Faced with a growing drug crisis, Dane County Public Health leaders are taking steps to ensure the safety of the community in respect to drug usage.
“We are in the midst of a drug overdose crisis,” Public Health Madison and Dane County, the local health department, said. “Since 2000, Dane County has seen a 139% increase in the number of people who died of a drug overdose.”
In Dane County, 365 people died because of drug overdoses from 2018 to 2020 — the largest cause of deaths being fentanyl. The substance was detected in 75% of deaths from drug overdoses in a report from the Dane County Medical Examiner.
There continues to be an increase year by year of overdose deaths in Dane County — 4.2 times the rate of motor vehicle deaths. According to the report, opioids are the main cause of this continuous increase, and synthetic opioids like fentanyl are mostly at fault.
Amid this crisis, Public Health Dane County and Madison began the Dane County Overdose Fatality Review. The review, among other steps, seeks to address the drug epidemic through increased access and education to naloxone (a lifesaving anti-opioid overdose medication) and supplies like fentanyl test strips, overdose spike alerts and the support of mental health and substance abuse rehabilitation.
“[Public Health Madison works] to reduce harms to people who use drugs and aims to treat them with dignity and respect,” said Julia Olsen, Public Health Supervisor for Madison and Dane County. “[The program offers] a non-judgmental space to access safer use supplies and have conversations about their needs.”
Olsen also explained how the criminal justice system has historically had a “war on drugs” approach, where the emphasis has been on arresting drug users rather than rehabilitation.
“Speaking on a general level, drug policy in the United States treats the chronic disease of addiction by criminalization,” said Olsen. “There is more work we can do to help law enforcement and other systems adopt harm reduction approaches.”
Wisconsin’s Good Samaritan Statute does not provide any protection to individuals after an overdose and very limited protection for those who call for help, per the Madison and Dane County Drug Overdose Annual Report.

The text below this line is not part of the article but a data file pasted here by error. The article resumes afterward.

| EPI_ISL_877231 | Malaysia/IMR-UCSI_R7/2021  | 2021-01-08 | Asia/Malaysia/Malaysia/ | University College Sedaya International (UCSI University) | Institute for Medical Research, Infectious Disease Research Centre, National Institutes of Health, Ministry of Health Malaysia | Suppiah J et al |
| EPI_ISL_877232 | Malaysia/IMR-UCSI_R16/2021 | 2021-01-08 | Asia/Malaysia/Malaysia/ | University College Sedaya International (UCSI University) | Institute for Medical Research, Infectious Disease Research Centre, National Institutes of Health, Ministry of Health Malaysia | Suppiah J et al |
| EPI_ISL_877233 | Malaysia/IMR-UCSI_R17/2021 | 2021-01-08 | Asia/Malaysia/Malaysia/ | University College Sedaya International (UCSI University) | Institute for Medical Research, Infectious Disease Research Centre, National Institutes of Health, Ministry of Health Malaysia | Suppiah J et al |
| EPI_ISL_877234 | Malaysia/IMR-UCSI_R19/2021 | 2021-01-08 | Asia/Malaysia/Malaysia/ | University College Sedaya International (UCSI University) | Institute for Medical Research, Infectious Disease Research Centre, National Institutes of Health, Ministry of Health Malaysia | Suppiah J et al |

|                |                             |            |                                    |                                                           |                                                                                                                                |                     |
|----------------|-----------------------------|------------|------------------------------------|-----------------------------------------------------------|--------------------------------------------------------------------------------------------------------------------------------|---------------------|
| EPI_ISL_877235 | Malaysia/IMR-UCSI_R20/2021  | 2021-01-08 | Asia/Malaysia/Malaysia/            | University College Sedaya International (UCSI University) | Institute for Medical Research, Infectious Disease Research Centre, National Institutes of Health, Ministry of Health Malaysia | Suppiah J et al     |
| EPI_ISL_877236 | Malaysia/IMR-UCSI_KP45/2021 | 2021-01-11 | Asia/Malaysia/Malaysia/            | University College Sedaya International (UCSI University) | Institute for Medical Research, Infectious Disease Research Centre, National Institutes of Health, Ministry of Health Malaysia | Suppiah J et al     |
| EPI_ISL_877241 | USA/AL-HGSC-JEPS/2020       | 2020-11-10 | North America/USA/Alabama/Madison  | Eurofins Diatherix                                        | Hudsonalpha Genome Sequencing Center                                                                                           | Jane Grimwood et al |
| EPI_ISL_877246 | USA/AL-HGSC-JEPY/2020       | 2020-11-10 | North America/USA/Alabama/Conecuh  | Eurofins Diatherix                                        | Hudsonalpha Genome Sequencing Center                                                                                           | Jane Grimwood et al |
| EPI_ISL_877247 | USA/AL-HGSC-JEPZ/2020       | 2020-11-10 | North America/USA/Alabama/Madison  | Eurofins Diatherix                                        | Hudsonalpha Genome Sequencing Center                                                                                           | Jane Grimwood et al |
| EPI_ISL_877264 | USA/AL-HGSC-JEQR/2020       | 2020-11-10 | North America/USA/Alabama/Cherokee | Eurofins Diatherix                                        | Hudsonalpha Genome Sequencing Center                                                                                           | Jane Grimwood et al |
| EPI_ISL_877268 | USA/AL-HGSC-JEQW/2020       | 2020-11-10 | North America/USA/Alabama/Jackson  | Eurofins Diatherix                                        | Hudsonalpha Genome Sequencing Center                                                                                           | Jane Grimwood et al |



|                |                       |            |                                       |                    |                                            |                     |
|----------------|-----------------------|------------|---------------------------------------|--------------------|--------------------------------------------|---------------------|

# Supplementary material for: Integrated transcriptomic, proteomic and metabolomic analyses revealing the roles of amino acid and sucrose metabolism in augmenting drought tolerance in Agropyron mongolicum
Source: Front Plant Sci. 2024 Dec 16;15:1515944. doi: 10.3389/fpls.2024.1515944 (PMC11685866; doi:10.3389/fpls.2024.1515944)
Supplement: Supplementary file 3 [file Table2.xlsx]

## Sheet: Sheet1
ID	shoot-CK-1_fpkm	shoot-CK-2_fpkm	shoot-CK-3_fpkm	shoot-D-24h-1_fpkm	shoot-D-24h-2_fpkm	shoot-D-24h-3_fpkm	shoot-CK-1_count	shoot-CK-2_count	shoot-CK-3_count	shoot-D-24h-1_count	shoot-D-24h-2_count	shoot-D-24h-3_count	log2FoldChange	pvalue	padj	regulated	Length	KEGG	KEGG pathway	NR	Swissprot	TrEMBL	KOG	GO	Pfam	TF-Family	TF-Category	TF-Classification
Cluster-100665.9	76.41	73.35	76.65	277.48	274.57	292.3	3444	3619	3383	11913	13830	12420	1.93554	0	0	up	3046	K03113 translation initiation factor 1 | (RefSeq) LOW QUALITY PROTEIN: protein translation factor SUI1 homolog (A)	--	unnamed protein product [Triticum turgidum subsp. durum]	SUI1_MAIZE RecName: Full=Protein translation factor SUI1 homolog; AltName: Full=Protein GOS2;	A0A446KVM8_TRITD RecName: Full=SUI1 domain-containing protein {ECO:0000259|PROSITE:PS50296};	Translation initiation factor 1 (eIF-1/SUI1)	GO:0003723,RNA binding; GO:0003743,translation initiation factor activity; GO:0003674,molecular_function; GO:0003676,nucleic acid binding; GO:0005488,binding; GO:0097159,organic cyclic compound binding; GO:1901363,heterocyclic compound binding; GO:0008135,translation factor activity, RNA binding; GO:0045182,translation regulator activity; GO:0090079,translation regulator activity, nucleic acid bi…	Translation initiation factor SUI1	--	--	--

“People surviving an overdose are often arrested on a drug charge and taken directly to jail from the hospital,” the report said. “Making people criminals because they suffer from addiction is expensive, ruins lives, and can make access to treatment and recovery more difficult.”
Olsen emphasized how the overdose fatality review aims to achieve this anti-criminalization — through exclusive programs with law enforcement.
“[The program] collaborates with law enforcement on ways to keep our community safe,” Olsen explained. “Some examples include the Madison Area Recovery Initiative (MARI) and the Pathways to Recovery program. These programs help divert people from the criminal justice systems to treatment, recovery, and peer [support].”
Faced with long standing systemic bias, communities of color have experienced issues with unequal access to resources to fight drug usage.
“From 2018-2020, the drug overdose death rate among Black people was more than 3 times the rate among white people,” Public Health Madison and Dane County said in the report.
As shown in the Dane County Overdose Fatality Review, Black people have experienced steep increases in drug overdose rates in the past decade — the overdose rate for the Black population in Dane County from 2018 to 2020 was 71.2 per 100,000 people as compared to 21.7 per 100,000 over the same period for white people and 10.4 for the Hispanic/Latino population.
“[Dane County Public Health recommends examining] quantitative and qualitative data beyond deaths to better characterize the experience of Black people with substance use disorder in Dane County, including the social, cultural, and illicit drug market factors that are driving the rapid increase in drug overdose death in this population,” the report stated.
The review is working to eliminate racial disparities in overdose deaths with the African American Opioid Coalition, along with efforts to promote health equity in overdose prevention and response.
“It is our responsibility as Public Health to call attention to these inequities, advocate for, and help implement change to reduce inequities,” Olsen said about the initiative. “Part of our job is also to help systems understand alternative evidence-based harm reduction practices exist and help implement them locally.”